A provisional deal on new rules governing open Internet (net neutrality) and the abolishment of roaming surcharges was reached in the wee hours of 30 June after marathon negotiations between the European Council, Commission and Parliament, led by the Latvian presidency of the Council.
That means the so-called single market for telecoms in Europe is nigh, after long delays and heated debates between all parties and the industry.
While the agreement still has to be confirmed by the EU’s 28 member states, roaming surcharges in the Union will likely be completely banned as of 15 June 2017, although providers will be able to apply a ‘fair use policy’ to prevent ‘abusive use’ of roaming.
In a statement, the European Council clarified that fees will drop even before that date:
“Roaming fees will already go down on 30 April 2016, when the current retail caps will be replaced by a maximum surcharge of €0.05 per minute for calls, €0.02 for SMSs and €0.05 per megabyte for data.”
A deal was also reached on EU-wide open Internet (aka net neutrality) rules: operators will be ultimately forced to treat all traffic equally when providing Internet access services. That said, blocking or throttling will be allowed in a “limited number of circumstances”, for instance to counter a cyber-attacks and prevent traffic congestion (which can admittedly prove to be a slippery slope).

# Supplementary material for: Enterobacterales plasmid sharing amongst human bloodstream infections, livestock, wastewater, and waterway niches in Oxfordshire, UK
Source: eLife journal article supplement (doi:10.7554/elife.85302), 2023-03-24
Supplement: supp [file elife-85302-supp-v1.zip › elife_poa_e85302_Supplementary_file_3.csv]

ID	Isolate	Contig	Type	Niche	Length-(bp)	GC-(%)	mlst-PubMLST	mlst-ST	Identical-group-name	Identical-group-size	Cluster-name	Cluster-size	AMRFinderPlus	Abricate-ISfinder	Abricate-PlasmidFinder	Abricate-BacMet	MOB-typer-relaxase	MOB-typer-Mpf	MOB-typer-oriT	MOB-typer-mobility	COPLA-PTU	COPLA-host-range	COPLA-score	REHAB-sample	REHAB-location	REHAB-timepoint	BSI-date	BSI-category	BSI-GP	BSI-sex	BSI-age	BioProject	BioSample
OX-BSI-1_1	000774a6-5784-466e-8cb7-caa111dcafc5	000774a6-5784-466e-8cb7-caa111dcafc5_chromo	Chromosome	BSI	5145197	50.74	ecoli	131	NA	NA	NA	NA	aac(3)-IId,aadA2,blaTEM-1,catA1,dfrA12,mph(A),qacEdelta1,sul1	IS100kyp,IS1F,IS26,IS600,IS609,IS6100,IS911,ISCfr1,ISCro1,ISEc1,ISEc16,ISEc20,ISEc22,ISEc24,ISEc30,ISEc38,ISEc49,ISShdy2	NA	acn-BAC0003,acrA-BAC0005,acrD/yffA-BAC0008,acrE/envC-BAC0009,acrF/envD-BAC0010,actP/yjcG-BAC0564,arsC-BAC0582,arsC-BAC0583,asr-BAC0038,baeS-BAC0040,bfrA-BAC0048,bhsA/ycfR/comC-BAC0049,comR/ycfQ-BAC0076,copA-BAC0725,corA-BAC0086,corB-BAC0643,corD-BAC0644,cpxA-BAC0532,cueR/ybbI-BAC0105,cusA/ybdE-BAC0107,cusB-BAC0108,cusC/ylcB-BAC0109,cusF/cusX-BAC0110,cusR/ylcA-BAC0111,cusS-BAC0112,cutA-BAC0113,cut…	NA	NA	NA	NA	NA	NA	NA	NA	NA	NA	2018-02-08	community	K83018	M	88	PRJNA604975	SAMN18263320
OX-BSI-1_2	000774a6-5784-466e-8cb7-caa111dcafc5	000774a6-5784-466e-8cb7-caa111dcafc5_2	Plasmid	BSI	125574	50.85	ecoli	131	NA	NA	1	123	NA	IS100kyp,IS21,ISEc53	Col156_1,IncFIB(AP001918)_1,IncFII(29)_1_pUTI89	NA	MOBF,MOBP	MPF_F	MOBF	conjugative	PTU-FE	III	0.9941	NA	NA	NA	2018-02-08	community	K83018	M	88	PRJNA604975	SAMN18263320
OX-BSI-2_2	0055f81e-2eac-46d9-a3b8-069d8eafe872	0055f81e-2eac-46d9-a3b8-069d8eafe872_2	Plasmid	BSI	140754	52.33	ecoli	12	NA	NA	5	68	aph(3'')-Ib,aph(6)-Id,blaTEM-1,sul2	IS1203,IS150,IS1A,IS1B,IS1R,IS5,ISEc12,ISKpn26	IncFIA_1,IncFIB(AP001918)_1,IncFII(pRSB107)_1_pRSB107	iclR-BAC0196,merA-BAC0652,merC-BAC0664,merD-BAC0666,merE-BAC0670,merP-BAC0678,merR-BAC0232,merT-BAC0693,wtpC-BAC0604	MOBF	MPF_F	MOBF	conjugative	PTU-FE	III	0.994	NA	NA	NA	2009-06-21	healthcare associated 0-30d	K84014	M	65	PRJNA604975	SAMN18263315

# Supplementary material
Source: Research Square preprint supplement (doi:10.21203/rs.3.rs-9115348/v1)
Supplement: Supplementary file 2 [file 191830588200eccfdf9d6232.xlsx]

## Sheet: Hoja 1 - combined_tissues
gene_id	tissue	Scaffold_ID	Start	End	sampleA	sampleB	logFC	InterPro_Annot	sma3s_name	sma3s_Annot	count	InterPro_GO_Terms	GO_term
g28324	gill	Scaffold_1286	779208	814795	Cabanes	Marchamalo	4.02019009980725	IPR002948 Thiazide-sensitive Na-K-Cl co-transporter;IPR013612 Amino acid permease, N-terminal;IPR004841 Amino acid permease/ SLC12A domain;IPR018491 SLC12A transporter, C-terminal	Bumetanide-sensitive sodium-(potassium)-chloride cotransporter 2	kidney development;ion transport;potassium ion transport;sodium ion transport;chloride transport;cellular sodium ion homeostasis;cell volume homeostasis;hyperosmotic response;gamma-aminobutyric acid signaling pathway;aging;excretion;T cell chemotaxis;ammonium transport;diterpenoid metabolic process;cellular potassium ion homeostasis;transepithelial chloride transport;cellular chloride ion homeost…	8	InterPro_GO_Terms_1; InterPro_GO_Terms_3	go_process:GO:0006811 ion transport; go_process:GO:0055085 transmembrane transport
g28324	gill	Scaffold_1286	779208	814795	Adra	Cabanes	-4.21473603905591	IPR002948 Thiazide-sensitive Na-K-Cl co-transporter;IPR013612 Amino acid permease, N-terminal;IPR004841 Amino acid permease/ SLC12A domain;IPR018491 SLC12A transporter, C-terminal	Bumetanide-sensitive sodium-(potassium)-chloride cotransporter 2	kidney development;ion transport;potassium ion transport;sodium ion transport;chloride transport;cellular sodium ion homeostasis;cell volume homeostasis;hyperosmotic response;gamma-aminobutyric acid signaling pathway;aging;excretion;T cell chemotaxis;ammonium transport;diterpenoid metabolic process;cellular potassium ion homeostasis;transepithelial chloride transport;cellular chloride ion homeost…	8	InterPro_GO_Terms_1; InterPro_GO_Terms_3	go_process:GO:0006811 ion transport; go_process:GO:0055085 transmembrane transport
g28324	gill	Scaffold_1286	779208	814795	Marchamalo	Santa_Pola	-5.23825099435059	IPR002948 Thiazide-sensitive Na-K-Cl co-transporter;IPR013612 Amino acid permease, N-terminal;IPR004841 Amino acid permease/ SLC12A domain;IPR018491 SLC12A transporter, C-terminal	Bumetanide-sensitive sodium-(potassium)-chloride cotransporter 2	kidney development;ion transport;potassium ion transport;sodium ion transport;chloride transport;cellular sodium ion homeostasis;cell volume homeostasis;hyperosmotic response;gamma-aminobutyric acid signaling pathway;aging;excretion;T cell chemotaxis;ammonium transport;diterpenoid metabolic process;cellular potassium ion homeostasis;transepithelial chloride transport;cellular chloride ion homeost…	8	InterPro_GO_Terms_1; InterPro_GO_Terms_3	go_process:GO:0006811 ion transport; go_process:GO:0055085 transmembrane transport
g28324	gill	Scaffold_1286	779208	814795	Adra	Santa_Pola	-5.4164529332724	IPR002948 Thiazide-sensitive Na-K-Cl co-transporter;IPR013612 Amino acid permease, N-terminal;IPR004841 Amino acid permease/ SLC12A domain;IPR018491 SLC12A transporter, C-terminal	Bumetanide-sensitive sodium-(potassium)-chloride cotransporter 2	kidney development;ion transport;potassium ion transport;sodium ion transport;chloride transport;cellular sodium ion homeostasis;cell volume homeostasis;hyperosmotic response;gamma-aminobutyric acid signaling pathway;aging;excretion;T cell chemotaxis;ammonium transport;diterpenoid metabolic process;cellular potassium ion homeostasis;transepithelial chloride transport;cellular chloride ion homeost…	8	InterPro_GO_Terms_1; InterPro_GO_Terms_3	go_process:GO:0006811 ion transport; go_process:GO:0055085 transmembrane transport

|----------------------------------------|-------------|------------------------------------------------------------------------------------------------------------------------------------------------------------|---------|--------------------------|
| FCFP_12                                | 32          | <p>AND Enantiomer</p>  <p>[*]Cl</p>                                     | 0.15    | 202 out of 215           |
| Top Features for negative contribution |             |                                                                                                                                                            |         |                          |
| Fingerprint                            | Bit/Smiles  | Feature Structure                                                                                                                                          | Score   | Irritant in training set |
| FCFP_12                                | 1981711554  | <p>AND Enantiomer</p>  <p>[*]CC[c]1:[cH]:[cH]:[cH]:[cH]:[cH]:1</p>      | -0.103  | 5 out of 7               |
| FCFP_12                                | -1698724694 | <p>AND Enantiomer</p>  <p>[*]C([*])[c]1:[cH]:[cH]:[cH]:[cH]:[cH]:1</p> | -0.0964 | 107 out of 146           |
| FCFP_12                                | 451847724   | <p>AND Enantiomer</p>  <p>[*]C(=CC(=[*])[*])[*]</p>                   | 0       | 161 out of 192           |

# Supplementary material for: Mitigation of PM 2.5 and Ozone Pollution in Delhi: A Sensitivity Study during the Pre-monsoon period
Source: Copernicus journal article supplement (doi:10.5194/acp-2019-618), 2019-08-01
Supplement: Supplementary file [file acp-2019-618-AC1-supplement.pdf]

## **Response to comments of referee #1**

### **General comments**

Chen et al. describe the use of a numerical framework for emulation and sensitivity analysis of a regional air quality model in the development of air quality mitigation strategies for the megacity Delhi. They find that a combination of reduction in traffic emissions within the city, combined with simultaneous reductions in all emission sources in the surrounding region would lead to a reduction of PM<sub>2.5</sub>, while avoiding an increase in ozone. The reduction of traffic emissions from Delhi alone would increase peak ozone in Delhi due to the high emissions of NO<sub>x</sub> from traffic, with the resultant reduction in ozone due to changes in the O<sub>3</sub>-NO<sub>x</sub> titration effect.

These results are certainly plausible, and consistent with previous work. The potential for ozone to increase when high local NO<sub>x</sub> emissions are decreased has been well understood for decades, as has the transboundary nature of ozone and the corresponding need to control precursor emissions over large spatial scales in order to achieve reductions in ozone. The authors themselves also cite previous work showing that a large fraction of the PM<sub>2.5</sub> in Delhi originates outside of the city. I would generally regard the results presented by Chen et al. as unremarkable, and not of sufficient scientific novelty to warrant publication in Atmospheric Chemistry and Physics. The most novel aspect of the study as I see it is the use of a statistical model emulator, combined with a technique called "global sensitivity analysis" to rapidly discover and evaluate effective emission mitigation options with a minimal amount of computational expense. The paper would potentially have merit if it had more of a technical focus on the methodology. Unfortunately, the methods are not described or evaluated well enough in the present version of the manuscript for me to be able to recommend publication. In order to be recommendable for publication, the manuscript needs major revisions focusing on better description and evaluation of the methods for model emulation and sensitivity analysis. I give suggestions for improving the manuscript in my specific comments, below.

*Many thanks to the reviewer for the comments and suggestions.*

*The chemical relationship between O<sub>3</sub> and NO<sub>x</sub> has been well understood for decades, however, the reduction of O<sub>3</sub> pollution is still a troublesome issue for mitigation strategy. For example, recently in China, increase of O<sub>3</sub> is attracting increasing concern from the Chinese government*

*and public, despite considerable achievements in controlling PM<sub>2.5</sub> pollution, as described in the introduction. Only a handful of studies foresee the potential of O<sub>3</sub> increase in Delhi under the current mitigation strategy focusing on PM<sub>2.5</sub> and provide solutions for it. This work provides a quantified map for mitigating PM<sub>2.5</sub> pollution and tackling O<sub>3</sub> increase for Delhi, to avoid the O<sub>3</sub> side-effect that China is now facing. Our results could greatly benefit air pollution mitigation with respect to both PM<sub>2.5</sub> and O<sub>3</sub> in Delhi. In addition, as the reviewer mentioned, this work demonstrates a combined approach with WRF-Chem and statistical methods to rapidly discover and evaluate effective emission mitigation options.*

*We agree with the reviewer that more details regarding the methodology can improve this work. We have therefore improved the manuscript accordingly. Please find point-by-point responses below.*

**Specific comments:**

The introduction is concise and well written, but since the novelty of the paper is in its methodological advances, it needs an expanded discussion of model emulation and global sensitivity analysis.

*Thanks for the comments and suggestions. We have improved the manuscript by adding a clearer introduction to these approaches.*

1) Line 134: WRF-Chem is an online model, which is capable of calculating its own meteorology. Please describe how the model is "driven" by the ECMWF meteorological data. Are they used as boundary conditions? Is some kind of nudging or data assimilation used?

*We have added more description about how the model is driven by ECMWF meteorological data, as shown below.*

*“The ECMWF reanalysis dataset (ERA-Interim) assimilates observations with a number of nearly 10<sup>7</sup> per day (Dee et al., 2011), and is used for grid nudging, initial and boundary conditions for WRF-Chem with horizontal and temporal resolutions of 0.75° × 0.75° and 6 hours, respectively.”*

Under today’s agreement, paid prioritisation in the open Internet will, however, be banned.
Agreements on services requiring a specific level of quality will be allowed, but operators will have to ensure the general quality of Internet access services.
As POLITICO’s Zoya Sheftalovich notes, this will likely not go down well for net neutrality advocates who were hoping for stricter rules. But the fact that there’s now a preliminary agreement on the safeguarding of open Internet in the European Union in the first place is a breakthrough any way you slice it, and a crucial one for citizens and businesses alike.
To be continued, but a very important step in the right direction, particularly for the European Commission, for which the reform of the EU telecoms rules was a key objective of its plans for a Digital Single Market in Europe.